The battery technology that powers electric vehicles is crucial to guarantee buyers a functional vehicle that will solve their mobility needs in the same way as combustion vehicles have done up to now. In addition to reliability, the market demands range, the fastest possible charging times, low maintenance costs and safety. The search is therefore on for a replacement for the liquid electrolyte batteries that have been used in industry up to now. Solid electrolytes are the ideal candidates as they meet all of the above requirements.
Toyota has its own pace in the race among firms to bring a full range of electric vehicles to market. Earlier this year, what is now the world’s largest automaker by volume announced a “technological breakthrough” for solid-state batteries. Not only was it a new battery based on this technology, it was also an attempt to address the durability challenges required of batteries that must withstand hundreds of thousands of kilometers without degrading excessively.
An ‘unexpected’ partner for making the world’s best batteries
Idemitsu Kosan is Japan’s second largest oil refiner. It owns a stake in Delta Lithium, an Australian company specializing in the extraction and processing of lithium mining. The oil giant has become deeply involved in electric vehicle battery supply chains and now presents an agreement with Toyota with an eye on the future of solid electrolyte.
According to the statement issued by both companies, the goal is to bring next-generation batteries to market by 2027-2028. The program will then continue with large-scale mass production. If all goes according to plan, these new batteries could power Toyota’s electric vehicles before the end of this decade.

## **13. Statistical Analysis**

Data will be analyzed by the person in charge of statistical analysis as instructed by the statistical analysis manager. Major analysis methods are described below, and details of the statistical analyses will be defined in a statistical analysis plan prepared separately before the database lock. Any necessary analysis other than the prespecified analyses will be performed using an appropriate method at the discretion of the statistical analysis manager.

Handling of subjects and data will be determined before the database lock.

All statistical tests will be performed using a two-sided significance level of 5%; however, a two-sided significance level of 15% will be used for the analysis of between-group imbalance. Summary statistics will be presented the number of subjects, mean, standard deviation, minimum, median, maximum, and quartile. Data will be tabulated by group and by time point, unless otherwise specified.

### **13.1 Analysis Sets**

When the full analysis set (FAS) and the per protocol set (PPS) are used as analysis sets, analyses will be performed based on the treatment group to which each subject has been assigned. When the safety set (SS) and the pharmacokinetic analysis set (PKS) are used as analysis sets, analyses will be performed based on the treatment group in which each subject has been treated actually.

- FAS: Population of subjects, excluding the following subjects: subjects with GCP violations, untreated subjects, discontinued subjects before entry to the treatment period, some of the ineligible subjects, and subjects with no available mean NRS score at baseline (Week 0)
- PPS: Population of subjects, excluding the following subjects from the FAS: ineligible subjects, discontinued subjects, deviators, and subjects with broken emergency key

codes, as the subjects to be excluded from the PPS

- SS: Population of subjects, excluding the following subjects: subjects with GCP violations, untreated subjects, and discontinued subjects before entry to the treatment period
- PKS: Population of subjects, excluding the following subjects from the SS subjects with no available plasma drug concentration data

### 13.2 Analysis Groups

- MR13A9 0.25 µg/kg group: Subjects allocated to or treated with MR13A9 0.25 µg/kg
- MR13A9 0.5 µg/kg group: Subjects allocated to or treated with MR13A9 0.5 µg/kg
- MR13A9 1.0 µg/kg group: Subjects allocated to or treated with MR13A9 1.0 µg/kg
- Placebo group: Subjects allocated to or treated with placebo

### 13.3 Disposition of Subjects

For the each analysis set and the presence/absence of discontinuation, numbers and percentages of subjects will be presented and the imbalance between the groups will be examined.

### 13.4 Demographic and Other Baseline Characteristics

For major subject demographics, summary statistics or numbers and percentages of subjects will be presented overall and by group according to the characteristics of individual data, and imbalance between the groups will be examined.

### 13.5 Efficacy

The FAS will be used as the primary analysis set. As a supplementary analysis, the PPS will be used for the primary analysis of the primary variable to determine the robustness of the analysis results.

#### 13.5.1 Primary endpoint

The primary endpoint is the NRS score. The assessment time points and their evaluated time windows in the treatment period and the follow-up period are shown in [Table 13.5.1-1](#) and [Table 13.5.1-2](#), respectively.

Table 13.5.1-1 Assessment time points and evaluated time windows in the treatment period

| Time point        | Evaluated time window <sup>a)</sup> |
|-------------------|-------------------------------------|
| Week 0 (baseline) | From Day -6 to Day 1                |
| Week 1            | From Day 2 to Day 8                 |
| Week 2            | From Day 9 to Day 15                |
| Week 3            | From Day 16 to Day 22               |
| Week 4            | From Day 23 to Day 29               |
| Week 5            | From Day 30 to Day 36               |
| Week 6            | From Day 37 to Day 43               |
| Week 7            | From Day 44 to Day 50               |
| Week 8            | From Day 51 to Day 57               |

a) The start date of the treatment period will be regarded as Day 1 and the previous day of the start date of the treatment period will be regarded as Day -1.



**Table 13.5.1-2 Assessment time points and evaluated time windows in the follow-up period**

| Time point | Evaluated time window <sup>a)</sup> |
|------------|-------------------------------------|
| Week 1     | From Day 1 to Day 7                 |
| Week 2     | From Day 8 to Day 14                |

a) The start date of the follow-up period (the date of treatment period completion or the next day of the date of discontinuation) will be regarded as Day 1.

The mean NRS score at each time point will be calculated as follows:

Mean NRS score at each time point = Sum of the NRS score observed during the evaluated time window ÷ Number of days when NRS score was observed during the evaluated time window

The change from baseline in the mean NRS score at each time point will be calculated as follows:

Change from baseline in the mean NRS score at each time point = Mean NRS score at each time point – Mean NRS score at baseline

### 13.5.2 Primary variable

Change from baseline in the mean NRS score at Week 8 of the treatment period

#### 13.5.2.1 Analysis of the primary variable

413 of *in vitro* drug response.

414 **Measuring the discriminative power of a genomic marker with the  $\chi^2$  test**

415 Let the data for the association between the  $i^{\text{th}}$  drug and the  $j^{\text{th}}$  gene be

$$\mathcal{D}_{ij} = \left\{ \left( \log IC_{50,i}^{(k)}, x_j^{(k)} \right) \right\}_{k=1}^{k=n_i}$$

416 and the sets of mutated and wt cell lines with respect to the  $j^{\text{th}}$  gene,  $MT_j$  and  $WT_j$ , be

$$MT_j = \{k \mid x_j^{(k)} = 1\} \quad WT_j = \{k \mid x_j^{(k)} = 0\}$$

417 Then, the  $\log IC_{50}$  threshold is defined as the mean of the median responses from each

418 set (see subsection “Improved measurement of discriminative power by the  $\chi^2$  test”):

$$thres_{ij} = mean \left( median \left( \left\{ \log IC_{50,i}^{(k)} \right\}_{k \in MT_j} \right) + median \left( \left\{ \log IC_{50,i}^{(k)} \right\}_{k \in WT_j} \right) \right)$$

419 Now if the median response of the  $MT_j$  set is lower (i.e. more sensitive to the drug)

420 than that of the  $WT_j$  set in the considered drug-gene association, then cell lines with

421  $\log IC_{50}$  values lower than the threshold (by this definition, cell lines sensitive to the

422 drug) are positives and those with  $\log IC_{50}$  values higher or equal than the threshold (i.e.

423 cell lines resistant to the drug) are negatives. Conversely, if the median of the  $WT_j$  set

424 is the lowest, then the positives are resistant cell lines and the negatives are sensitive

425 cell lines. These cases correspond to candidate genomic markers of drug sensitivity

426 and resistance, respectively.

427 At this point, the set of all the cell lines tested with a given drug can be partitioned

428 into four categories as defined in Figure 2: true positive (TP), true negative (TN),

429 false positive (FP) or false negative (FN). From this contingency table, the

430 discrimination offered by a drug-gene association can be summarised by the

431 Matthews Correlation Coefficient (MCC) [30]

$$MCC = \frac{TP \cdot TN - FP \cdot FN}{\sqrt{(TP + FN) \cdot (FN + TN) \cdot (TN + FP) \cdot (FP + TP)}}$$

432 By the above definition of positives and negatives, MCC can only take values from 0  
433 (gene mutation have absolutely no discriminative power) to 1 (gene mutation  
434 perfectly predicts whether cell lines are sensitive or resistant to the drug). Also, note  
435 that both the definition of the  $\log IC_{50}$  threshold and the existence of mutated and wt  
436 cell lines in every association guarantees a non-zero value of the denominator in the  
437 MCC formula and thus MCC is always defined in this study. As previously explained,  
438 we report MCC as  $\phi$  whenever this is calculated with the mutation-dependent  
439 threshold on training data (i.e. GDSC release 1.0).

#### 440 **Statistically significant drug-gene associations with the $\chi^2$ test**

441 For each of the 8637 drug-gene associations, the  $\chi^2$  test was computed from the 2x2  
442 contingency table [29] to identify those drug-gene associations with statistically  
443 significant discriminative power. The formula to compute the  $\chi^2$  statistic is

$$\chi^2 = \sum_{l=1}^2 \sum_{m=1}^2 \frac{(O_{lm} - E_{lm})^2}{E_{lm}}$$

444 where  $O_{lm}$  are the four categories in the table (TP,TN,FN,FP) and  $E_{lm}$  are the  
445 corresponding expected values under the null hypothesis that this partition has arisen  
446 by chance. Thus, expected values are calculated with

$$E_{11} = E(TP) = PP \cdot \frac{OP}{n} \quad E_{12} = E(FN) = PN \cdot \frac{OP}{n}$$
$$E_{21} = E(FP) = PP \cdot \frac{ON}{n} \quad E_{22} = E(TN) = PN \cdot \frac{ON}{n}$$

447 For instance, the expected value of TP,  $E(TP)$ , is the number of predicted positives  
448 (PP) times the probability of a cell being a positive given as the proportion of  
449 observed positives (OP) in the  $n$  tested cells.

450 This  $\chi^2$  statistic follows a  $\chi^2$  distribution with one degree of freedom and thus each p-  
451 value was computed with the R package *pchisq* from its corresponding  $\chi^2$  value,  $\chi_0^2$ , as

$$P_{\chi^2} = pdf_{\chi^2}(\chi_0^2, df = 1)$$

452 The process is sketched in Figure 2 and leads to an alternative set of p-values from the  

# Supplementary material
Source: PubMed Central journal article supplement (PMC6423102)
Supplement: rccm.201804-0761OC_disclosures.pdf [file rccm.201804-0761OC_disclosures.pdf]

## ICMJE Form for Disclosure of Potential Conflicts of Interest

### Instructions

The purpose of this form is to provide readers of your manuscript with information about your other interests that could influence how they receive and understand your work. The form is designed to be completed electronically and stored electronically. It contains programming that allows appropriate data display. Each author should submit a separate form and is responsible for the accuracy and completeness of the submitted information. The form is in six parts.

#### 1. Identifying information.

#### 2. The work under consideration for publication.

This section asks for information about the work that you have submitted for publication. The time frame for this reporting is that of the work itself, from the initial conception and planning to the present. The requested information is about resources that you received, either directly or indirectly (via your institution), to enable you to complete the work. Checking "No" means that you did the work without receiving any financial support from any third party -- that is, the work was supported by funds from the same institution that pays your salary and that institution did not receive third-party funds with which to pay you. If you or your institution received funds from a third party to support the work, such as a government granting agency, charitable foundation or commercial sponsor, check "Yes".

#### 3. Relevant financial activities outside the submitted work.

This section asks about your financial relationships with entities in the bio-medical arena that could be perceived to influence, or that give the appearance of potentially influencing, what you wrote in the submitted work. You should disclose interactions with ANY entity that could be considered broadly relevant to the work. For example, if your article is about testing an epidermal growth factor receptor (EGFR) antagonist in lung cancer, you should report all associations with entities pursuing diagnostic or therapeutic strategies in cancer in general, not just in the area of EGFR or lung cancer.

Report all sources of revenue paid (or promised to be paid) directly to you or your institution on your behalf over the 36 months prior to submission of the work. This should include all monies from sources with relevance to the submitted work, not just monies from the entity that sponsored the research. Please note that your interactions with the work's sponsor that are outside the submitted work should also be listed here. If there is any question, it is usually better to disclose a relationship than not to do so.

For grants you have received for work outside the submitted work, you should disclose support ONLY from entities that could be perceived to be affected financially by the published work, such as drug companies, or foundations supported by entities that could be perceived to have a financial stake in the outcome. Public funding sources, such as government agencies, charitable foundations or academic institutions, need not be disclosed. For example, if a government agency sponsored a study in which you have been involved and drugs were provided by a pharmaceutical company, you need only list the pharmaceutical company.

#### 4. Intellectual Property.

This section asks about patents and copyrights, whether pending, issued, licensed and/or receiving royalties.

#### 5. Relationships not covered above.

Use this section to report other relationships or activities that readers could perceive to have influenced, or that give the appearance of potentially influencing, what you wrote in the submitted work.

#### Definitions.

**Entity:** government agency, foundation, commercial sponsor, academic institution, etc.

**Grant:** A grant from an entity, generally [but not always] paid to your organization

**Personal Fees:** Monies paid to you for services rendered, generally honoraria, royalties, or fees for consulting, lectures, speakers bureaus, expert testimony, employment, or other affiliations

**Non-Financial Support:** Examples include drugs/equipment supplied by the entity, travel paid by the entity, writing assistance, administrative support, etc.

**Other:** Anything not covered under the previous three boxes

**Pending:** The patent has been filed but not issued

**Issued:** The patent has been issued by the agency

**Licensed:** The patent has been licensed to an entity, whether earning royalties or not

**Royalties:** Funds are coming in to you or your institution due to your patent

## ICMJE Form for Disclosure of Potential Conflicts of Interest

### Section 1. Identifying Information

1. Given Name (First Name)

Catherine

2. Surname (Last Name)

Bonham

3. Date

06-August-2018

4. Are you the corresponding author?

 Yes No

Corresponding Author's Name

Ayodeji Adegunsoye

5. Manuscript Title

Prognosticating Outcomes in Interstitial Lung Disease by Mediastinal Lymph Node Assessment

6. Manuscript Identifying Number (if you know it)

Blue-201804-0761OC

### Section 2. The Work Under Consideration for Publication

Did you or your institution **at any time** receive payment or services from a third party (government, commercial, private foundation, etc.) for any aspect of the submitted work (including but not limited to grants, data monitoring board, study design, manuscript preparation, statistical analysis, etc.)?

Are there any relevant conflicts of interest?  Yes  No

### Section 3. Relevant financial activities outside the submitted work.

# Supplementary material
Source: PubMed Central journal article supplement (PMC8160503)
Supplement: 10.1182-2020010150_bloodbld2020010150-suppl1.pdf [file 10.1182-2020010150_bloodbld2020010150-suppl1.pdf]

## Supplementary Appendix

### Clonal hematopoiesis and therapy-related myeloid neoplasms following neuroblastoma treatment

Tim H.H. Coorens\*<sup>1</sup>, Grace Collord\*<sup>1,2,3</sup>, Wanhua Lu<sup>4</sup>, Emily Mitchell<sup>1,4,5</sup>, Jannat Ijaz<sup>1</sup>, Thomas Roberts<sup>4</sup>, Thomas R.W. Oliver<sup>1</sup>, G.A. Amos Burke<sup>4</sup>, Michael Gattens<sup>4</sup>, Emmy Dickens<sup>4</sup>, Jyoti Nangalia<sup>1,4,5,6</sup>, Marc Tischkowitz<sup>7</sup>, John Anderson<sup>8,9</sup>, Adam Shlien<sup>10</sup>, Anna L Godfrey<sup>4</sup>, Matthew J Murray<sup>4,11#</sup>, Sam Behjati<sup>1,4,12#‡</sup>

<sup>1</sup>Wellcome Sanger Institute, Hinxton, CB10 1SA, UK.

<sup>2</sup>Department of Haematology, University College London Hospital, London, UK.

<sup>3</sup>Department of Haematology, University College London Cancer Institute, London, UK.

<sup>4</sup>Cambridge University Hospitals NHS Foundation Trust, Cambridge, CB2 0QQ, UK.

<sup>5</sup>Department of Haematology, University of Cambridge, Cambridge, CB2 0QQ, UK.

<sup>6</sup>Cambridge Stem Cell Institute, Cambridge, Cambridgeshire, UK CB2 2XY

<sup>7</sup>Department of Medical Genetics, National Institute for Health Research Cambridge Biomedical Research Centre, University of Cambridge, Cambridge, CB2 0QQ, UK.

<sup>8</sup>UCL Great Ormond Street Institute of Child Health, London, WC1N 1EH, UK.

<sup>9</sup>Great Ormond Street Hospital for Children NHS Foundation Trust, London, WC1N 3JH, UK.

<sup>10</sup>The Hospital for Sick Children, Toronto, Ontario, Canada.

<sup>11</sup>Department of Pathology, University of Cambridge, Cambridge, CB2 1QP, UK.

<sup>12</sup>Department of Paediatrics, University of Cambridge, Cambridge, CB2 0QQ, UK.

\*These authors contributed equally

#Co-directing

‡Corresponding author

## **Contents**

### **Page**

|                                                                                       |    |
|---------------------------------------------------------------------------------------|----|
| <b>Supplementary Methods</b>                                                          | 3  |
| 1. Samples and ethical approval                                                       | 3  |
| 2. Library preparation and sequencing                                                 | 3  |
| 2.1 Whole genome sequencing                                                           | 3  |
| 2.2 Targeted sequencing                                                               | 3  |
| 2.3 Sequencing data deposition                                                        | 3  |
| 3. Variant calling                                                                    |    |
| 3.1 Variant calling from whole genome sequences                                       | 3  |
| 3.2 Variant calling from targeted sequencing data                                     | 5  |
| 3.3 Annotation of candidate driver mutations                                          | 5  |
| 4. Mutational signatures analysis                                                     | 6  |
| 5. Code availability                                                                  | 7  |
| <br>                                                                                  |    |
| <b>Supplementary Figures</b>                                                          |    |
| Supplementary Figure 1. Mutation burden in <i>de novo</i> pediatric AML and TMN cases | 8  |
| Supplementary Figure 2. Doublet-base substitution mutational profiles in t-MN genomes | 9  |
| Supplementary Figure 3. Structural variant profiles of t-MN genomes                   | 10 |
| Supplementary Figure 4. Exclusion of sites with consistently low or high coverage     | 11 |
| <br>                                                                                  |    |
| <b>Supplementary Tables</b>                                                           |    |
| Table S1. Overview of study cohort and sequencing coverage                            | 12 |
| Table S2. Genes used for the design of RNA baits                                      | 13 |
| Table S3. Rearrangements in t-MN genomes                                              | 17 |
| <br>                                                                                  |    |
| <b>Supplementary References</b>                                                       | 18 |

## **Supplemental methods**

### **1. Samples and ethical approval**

The performance of these electric cars would be far beyond that of the current generation: a range of 1,200 km and recharge times of just 10 minutes. One of the biggest obstacles to this technology is the costs associated with its development and production. Although its advantages are obvious, its high price could hinder its market launch.
What is Toyota’s solid electrolyte like?
The collaboration between the two companies focuses on the development of solid sulfide electrolytes that are distinguished by their softness and adhesiveness and have already demonstrated their potential for high energy capacity and high performance in electric vehicles. All of these qualities make them ideal candidates for mass production of batteries. The initial stage will focus on the basic development of a large pilot facility in which to test the production process on a small scale.
Later stages will delve into mass production, using this same plant. Toyota will then incorporate them into its electric vehicles. The final step will be the thorough exploration of full-scale production and commercialization.
Toyota’s ‘other’ batteries.
“We are determined to lead the world market in batteries,” said Chief Technology Officer Hiroki Nakajima a few months ago. “We will need various options for batteries, just as we have different propulsion systems. It is important that these batteries are compatible with any type of model.” Keiji Kaita, president of Toyota’s Advanced Engineering Development Center, was revealing five new battery variants that would be available for deployment toward the end of this decade. The first, in 2026, will be next-generation lithium-ion batteries: 1,000 km range, 20% cheaper and recharging from 10% to 80% in less than 20 minutes.
Bipolar lithium iron phosphate batteries will follow in 2026 or 2027. They will increase range by 20% and reduce costs by 40%. In 2028, a nickel-based breakthrough will come that will improve range by 10% and cost 10% less.
In parallel, Toyota will develop these solid electrolyte batteries available by 2027 or 2028 with 20% more range than the 2026 lithium-ion batteries, implying a capacity of 1,200 km.
Finally, Toyota foresees a second generation of solid batteries after 2028 that will provide 50% more range, which means, in practice, reaching up to 1,500 km of autonomy. They will give rise to a new line of next-generation electric vehicles that are already being developed from a blank sheet of paper from the recently created BEV Factory division.